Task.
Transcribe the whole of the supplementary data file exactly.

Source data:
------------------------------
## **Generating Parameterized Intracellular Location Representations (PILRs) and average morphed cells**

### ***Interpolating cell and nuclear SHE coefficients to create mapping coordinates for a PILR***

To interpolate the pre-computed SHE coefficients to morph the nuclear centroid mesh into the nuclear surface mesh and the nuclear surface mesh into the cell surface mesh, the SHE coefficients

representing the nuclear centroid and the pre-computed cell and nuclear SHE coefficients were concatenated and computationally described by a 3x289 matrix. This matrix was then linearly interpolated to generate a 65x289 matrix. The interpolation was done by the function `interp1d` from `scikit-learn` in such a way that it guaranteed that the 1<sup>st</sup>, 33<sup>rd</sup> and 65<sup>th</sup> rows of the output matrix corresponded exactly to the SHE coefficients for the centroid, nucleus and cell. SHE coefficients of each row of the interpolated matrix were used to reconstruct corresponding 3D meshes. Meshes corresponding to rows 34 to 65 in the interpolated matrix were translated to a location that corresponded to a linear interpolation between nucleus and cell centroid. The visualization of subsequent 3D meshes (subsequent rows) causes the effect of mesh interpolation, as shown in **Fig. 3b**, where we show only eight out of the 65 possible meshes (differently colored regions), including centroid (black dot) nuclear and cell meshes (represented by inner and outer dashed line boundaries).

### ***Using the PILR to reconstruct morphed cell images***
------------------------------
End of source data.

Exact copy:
## **Generating Parameterized Intracellular Location Representations (PILRs) and average morphed cells**

### ***Interpolating cell and nuclear SHE coefficients to create mapping coordinates for a PILR***

To interpolate the pre-computed SHE coefficients to morph the nuclear centroid mesh into the nuclear surface mesh and the nuclear surface mesh into the cell surface mesh, the SHE coefficients

representing the nuclear centroid and the pre-computed cell and nuclear SHE coefficients were concatenated and computationally described by a 3x289 matrix. This matrix was then linearly interpolated to generate a 65x289 matrix. The interpolation was done by the function `interp1d` from `scikit-learn` in such a way that it guaranteed that the 1<sup>st</sup>, 33<sup>rd</sup> and 65<sup>th</sup> rows of the output matrix corresponded exactly to the SHE coefficients for the centroid, nucleus and cell. SHE coefficients of each row of the interpolated matrix were used to reconstruct corresponding 3D meshes. Meshes corresponding to rows 34 to 65 in the interpolated matrix were translated to a location that corresponded to a linear interpolation between nucleus and cell centroid. The visualization of subsequent 3D meshes (subsequent rows) causes the effect of mesh interpolation, as shown in **Fig. 3b**, where we show only eight out of the 65 possible meshes (differently colored regions), including centroid (black dot) nuclear and cell meshes (represented by inner and outer dashed line boundaries).

### ***Using the PILR to reconstruct morphed cell images***